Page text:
Gipsy Queen Takes a Turn for the Worse

Cascading C. Gipsy Queen

Cascading C. Gipsy Queen

Clematis Gipsy Queen, which bears stunning deep-purple velvety flowers with reddish overtones on a substantial hearty plant (10-12′), is one clematis I personally can’t be without.  It has the additional bonus of beginning a six-week period of bloom in late July or early August when most other clematis have already dwindled.  This plant resulted from a cross between Clematis Jackmanii and the large-flowered species Clematis patens in  1877 and has been gracing gardens for nearly 150 years.



C. Gipsy Queen, one of the first clematis I planted after moving to Seattle in 2004, has bloomed its heart out year after year–until this year, that is.  Imagine my dismay one recent morning when I discovered that more than half of the blossoms on my plant looked wilted!  Heartache!  I knew that Gipsy Queen was not prone to the dreaded clematis wilt, so I followed one of the wilted branches back to the ground–and discovered a large old woody base that was the source of all the branches with wilted flowers.  This junction seemed to be no longer able to support the branches that were depending on it.  I pulled all those vines out and tossed them.  What was left was a shadow of its former self.  I can only hope that this plant will generate new vines next spring and come back as the large and gorgeous plant that I love.  I guess the take-home lesson here is that we may occasionally need to rejuvenate older plants by cutting out large old woody canes to the base.  I can think of a couple of venerable clematis in my garden on which I may have to perform surgery next spring.

Old woody junction at base of C. Gipsy Queen

Old woody junction at base of C. Gipsy Queen

C. Ville de Lyon with the Berries of a St. John's Word Shrub

C. Ville de Lyon with the Berries of a St. John’s Word Shrub

Two More Late Summer Bloomers:  C. Ville de Lyon and C. Madame Baron-Veillard

I love to grow clematis that just begin blooming in late summer, like C. Gipsy Queen.   C. Ville de Lyon, for example, begins blooming for me about the same time, late July or early August.  Bred in France in the late 1800s, this clematis has lovely two-tone pink flowers with a cream center.  It looks as though it is a light pink flower whose petals are outlined in an intense dark pink.  Once you see this one in person, you will always know it.  It gets it’s coloring from its Texas parent, a red-blooming species clematis found on riverbanks in Texas, C. texensis, though it didn’t get the gene for the urn-shaped flowers of the Texas native.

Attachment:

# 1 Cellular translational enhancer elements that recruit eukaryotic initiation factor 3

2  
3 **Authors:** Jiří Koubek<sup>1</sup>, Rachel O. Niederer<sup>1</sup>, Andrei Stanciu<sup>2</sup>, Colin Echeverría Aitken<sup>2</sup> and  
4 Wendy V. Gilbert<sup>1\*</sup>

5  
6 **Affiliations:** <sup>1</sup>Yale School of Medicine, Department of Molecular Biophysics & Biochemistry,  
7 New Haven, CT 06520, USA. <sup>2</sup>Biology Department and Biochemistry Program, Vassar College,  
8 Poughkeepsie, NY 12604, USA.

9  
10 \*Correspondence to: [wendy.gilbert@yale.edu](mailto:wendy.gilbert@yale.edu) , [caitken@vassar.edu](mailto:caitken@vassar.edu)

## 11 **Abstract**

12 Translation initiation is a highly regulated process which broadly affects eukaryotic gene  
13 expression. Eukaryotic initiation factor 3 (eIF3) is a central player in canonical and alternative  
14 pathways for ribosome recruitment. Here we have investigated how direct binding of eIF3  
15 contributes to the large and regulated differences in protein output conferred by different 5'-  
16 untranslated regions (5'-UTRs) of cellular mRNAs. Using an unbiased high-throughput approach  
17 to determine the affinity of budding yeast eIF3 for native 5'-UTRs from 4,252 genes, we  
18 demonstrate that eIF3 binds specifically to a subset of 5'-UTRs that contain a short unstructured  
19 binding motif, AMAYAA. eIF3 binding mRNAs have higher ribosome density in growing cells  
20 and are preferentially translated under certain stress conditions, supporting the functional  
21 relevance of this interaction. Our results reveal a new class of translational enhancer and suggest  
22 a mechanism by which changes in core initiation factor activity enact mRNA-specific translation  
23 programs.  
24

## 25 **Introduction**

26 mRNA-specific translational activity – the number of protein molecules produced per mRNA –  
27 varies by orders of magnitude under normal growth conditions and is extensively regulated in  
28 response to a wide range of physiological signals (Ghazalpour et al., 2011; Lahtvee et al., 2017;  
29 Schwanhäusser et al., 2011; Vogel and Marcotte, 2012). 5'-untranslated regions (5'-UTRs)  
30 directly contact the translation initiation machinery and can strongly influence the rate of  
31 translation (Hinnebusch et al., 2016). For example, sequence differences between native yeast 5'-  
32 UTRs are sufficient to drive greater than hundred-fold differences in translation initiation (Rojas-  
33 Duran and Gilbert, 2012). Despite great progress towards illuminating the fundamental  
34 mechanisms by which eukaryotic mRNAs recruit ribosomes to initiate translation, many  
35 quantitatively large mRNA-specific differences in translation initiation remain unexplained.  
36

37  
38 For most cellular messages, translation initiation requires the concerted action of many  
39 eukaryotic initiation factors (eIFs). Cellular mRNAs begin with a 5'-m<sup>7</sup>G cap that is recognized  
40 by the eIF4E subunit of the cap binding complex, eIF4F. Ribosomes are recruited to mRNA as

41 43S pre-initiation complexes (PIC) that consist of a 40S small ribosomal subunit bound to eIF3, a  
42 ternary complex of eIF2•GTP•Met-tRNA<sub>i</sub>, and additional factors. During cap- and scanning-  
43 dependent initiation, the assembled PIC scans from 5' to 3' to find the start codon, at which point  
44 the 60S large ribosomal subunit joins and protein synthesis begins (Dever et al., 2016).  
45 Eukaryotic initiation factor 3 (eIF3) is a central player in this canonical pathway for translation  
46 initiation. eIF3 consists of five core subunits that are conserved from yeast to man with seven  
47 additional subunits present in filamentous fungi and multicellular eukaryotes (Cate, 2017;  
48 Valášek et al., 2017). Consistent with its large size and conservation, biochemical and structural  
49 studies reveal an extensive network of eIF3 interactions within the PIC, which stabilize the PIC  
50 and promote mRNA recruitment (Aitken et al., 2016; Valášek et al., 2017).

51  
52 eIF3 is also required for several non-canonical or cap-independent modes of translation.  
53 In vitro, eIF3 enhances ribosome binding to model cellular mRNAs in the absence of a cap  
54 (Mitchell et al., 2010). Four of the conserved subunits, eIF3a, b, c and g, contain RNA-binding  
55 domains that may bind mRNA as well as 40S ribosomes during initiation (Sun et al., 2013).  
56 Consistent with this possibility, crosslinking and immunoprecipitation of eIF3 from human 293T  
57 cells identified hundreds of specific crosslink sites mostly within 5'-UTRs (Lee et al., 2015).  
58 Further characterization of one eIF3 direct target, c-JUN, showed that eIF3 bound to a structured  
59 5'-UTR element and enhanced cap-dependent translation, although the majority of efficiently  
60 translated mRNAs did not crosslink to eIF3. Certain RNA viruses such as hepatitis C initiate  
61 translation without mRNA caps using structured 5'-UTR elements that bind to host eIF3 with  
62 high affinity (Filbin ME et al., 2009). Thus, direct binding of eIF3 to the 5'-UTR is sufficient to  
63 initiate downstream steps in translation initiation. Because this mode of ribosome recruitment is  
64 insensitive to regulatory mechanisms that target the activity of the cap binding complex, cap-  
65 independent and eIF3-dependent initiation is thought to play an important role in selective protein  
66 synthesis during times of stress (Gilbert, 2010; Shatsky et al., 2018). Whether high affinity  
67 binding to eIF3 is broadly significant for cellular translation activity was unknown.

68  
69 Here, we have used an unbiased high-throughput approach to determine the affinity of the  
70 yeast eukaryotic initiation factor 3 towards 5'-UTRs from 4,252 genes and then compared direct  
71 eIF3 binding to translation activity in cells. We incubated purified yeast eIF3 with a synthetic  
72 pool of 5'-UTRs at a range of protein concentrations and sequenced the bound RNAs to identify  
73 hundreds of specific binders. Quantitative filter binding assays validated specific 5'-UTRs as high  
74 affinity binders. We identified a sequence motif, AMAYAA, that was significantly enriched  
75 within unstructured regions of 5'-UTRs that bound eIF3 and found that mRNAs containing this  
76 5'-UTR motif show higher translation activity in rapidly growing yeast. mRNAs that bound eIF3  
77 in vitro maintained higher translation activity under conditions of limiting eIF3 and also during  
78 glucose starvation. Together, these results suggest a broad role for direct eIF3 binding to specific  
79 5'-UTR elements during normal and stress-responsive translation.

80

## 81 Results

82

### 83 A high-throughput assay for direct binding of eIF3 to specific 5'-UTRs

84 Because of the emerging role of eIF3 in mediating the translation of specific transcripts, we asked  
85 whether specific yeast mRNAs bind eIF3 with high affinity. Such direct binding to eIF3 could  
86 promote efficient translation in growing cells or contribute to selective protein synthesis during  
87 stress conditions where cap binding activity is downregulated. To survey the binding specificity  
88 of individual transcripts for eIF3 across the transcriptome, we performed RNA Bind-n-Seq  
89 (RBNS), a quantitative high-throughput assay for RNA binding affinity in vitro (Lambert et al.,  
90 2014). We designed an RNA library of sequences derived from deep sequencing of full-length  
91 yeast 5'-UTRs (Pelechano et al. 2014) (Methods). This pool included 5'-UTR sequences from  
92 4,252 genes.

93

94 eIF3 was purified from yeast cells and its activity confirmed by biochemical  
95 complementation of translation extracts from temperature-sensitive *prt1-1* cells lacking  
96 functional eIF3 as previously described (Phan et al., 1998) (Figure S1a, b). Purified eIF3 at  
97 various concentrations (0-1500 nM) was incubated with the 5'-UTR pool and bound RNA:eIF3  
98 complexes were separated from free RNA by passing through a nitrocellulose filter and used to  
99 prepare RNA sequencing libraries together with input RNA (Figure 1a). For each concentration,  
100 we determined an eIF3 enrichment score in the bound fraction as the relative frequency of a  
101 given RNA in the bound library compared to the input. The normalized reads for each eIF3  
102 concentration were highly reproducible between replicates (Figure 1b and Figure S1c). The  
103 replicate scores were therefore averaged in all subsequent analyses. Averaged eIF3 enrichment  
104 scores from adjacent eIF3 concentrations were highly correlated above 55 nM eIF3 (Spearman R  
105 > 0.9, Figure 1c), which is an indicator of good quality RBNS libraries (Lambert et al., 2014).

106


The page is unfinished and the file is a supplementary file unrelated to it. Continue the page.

Late-Blooming C. Madame Baron-Veillard

Late-Blooming C. Madame Baron-Veillard

C. Madame Baron-Veillard begins blooming even later (second week in August or so) and blooms sometimes til hard frost.  There is yet another late bloomer (that I don’t have yet — dang), C. Lady Betty Balfour.  This clematis, progeny of C. Gipsy Queen, has stronger pink blossoms that C. Madame Baron-Veillard.

If you don’t already have one of these late-blooming clematis, extend your clematis blooming season by getting one!







July Clematis of the Month: Clematis recta ‘Purpurea’

Gorgeous Plum Purple Leaves in July

Clematis recta ‘Purpurea’ showing off its second growth of plummy purple leaves in July .

Clematis recta ‘Purpurea’ is an upright plant that does not climb (the recta part of its name means erect) .  In my garden, the show starts in April, with the plant pushing fat purple buds up through the earth.  As time passes the buds elongate and stretch up and up.

C. recta purpurea

By early June, C. recta ‘Purpurea’ has reached six feet and begins to open small star-shaped white flowers.

C recta purpurea buds

Later in June it blooms extravagantly with thousands of tiny white flowers that waft a delicious fragrance through the garden.  The weight of the blossoms eventually causes the plant to flop, but oh, so gracefully.  As so often happens with purple-leaved plants, the leaves begin to lose that luscious purple color, but there is a solution!

recta purpurea

The reason this plant earns the status of July Clematis of the Month is that, if cut back to the ground (yes, to the ground!), it will grow a new clutch of purple buds that will quickly stretch out again, this time to about four feet (in my garden, anyway).  See the top photo above.  And now, in the first week of August, my plant even has new flower buds for a second showing of tiny fragrant white stars.  (FYI, the purple structure behind the clematis is my new bee hive.)


Clematis recta ‘Purpurea’ is a great plant choice for any garden!

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